Today, we are headed to Greece for a very popular and delicious vegetarian pie called spanakopita.
Greek cuisine is so varied and rich in influences that one could almost write an entire history book for each Greek recipe.
Indeed, Greece is situated at the southern tip of the Balkan Peninsula, in southeastern Europe and is surrounded by the Ionian Sea and the Aegean Sea. It includes a continental region that consists of Attica, the Peloponnese, Central Greece, Thessaly, Epirus, Macedonia and Thrace, but also an island region made up of 437 islands, the main ones being Crete and Euboea.
The richness of Greek cuisine is explained by its history. While some recipes date back to antiquity, one cannot overlook the influence of the Ottoman occupation, which obviously gave this cuisine strong ties to Turkish cuisine.
Turkish cuisine benefits from its Ottoman legacy and borrows the flavors of Asia, the Middle-East and the Mediterranean region. It is one of the richest cuisines in the world and it has developed through the migration of the Turks over the centuries, from Central Asia to Europe.
What is spanakopita?
The main ingredient for spanakopita, besides phyllo dough, is spinach. In Greek, it is called σπανακόπιτα: the root σπανάκι is for spinach, and πίτα for pita or pie.
Spanaki therefore means spinach and pita means pie, as I explained to you in my post abour prasópita, a delicious leek pie from Greece too.
Spanakopita can be presented in different ways, the most common forms being the individual triangular shape, the rectangular pie cut into individual square portions, or the round pie cut in triangular slices.
The stuffing is obviously composed of well-known Greek cheese feta, which has no more secret for 196 flavors. Also, although the addition of ricotta is not mandatory, I obviously went for it!
Spanakopita is first and foremost supposed to be filled with spinach but curiously, in Greece, spinach is often replaced, partially or completely, by chard or sorrel leaves, or by the green part of the leek and it is still called spanakopita.
Some variants suggest incorporating roasted pine nuts and kefalotyri, a Greek hard cheese that is very similar to Gruyere.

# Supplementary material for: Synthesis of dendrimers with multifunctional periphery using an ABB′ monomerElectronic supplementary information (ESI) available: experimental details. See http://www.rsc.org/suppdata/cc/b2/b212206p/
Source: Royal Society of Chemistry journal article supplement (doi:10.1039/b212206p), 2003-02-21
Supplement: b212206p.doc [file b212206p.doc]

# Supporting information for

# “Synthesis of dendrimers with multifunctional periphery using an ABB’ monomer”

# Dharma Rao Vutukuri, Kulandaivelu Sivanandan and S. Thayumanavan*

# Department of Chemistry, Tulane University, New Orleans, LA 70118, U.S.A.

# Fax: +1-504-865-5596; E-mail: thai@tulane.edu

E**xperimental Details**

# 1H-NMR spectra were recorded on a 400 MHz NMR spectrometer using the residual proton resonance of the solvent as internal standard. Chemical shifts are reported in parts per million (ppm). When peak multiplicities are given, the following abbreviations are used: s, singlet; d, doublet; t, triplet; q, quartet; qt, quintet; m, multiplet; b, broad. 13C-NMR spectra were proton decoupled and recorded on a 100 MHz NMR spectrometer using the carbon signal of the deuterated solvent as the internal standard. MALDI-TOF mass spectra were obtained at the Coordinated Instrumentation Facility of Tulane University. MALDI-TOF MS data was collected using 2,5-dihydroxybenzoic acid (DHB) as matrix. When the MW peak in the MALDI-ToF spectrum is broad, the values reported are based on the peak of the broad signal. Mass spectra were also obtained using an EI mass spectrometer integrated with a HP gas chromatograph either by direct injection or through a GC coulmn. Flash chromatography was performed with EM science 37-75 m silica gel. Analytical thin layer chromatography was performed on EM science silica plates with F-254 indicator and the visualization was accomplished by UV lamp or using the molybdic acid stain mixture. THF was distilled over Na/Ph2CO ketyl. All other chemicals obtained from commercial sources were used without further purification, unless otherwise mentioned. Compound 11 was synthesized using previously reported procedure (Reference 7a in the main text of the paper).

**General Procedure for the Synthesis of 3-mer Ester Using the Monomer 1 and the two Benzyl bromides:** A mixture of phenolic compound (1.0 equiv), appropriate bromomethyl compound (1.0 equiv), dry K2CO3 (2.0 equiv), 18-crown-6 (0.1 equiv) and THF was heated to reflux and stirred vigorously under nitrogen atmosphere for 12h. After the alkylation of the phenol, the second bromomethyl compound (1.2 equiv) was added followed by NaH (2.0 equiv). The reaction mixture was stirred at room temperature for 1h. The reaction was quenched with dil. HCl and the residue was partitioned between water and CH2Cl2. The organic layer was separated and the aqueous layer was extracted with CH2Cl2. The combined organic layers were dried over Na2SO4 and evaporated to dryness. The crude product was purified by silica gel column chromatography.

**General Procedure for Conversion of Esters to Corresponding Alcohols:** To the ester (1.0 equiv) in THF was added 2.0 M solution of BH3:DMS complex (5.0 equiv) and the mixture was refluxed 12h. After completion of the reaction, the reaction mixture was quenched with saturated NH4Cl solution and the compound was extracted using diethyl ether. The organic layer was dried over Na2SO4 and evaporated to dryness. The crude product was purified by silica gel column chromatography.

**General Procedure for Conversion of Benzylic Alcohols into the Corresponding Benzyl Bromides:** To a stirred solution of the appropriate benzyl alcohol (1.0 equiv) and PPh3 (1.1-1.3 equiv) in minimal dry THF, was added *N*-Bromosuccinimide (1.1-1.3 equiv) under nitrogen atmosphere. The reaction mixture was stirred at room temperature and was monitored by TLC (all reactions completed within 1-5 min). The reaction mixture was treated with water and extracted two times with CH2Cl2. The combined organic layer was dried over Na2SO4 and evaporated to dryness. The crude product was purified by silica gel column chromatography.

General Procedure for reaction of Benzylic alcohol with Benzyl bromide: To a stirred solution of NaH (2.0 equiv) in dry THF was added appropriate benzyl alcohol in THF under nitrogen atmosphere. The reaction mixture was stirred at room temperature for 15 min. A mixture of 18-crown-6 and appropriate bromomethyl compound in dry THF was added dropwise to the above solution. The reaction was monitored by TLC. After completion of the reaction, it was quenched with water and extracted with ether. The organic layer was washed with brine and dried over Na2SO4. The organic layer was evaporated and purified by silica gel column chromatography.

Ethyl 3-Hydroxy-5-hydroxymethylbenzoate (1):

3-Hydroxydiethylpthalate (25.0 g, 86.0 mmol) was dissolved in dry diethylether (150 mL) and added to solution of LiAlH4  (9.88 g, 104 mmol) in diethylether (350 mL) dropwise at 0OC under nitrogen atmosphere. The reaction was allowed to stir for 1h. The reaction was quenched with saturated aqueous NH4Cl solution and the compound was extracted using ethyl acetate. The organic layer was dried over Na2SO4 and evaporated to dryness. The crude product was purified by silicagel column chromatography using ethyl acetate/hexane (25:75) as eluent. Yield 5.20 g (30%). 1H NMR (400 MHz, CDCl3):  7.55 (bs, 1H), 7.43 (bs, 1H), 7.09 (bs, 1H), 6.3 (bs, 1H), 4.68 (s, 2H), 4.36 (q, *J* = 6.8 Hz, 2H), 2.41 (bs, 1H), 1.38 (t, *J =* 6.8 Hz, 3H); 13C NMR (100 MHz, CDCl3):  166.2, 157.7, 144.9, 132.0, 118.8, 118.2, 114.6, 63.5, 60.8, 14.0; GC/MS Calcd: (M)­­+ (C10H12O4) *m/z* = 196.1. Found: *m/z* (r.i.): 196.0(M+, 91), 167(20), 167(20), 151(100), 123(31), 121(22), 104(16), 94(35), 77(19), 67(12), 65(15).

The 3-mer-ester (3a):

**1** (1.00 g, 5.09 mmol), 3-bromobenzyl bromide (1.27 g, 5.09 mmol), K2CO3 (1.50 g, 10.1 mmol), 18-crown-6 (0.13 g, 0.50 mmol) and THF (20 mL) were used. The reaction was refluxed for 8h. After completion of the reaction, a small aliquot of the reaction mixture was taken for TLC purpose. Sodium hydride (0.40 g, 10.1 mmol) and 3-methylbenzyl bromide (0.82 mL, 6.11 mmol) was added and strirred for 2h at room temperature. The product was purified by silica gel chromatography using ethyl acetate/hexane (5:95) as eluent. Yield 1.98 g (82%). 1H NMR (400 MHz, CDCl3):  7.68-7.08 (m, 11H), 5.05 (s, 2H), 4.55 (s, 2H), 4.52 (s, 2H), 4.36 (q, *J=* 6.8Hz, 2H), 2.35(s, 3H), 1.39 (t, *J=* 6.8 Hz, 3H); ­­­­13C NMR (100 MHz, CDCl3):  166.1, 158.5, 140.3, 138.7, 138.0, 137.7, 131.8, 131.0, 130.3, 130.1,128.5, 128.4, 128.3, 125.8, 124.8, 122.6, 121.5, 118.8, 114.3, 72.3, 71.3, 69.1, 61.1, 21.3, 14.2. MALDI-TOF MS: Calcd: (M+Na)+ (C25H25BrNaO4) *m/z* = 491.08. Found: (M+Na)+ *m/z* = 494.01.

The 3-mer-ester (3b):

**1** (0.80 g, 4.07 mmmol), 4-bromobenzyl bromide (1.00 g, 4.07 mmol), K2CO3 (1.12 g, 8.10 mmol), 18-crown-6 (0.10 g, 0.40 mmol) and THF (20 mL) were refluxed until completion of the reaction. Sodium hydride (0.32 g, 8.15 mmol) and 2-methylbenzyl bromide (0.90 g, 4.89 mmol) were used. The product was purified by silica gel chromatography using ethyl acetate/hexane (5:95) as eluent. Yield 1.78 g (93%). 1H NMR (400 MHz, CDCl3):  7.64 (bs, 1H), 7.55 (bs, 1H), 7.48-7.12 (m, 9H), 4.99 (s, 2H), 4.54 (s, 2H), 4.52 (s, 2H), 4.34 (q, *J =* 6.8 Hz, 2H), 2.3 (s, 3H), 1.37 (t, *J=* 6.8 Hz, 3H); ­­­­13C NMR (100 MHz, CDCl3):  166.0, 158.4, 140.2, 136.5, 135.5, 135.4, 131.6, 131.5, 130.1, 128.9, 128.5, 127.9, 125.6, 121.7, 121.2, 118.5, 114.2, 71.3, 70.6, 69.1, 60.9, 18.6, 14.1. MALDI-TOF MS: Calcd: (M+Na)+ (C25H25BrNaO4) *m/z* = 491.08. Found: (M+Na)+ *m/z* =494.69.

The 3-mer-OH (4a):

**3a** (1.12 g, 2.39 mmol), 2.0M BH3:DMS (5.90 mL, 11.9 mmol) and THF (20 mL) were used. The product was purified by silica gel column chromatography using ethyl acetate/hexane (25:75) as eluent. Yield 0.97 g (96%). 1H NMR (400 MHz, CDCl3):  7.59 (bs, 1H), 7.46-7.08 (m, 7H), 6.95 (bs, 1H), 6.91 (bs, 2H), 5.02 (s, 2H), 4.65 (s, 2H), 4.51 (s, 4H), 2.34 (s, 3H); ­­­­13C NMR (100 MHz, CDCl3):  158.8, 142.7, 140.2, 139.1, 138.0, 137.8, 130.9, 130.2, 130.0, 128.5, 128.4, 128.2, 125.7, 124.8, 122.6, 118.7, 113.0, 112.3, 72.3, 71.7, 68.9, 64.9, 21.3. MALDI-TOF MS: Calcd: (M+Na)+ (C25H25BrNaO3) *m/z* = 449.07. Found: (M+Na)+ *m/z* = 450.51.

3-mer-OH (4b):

What is the origin of spanakopita?
It seems that spanakopita originated from Turkish cuisine more than 400 years ago.
Indeed, spanakopita was probably introduced during the Turkish occupation of Greece. Also, a Turkish recipe called ispanaki börek, is almost identical in the preparation and presentation, although it contains shallots where Greeks use onions.
Kotópita for chicken, tiropita for cheese, or prasópita for leek: you understand that the beginning of each dish refers to the main ingredient with which the pita is stuffed. Note that we are not talking here about the world famous pita bread but Greek pita which means “pie”.
In Israel, these “pies” are known as borekas and in Bulgaria, they are called banitsa.
I prepared this spanakopita recipe over the Christmas holiday as my son Ruben, who lives Hong Kong, was visiting Paris. I am very proud as it was the first time in his life that my son agreed to eat spinach, and he loved these little pies!
They were delicious indeed. Whether hot or cold. Enjoy!
- 18 phyllo sheets (kroustas)
- 2 lb spinach , chopped and blanched
- 6 scallions , finely diced
- 1 bunch dill , finely chopped
- 1 bunch parsley , finely chopped
- 3 eggs , beaten
- 3 tablespoons flour
- 8 oz. feta
- 3 oz. ricotta
- 2 cups olive oil
Drain the spinach.
Heat 3 tablespoons of olive oil in a pan and sauté the onions and spinach over high heat for 5 minutes, stirring constantly. Set aside until cool.
Put spinach and onions in a large bowl, add dill and parsley and mix well by mashing with your hand or with a potato masher. The volume is reduced by half.
Add remaining ingredients, except olive oil, and mix well. Line baking sheet with parchment paper.
Add one filo sheet. Brush with oil and place a second sheet and so on until the ninth.
Spoon filling over the entire surface.
Place a sheet of phyllo dough, oiled lightly and proceed in the same way for all the remaining sheets.
Fold the edges and oil the surface of the last sheet. Press on the pie. Draw portions with a knife at the surface.
Bake in an oven preheated at 350 F until lightly browned, about thirty minutes.
To get a crispy dough that may have softened the next day, bake the leftover pie for a few minutes.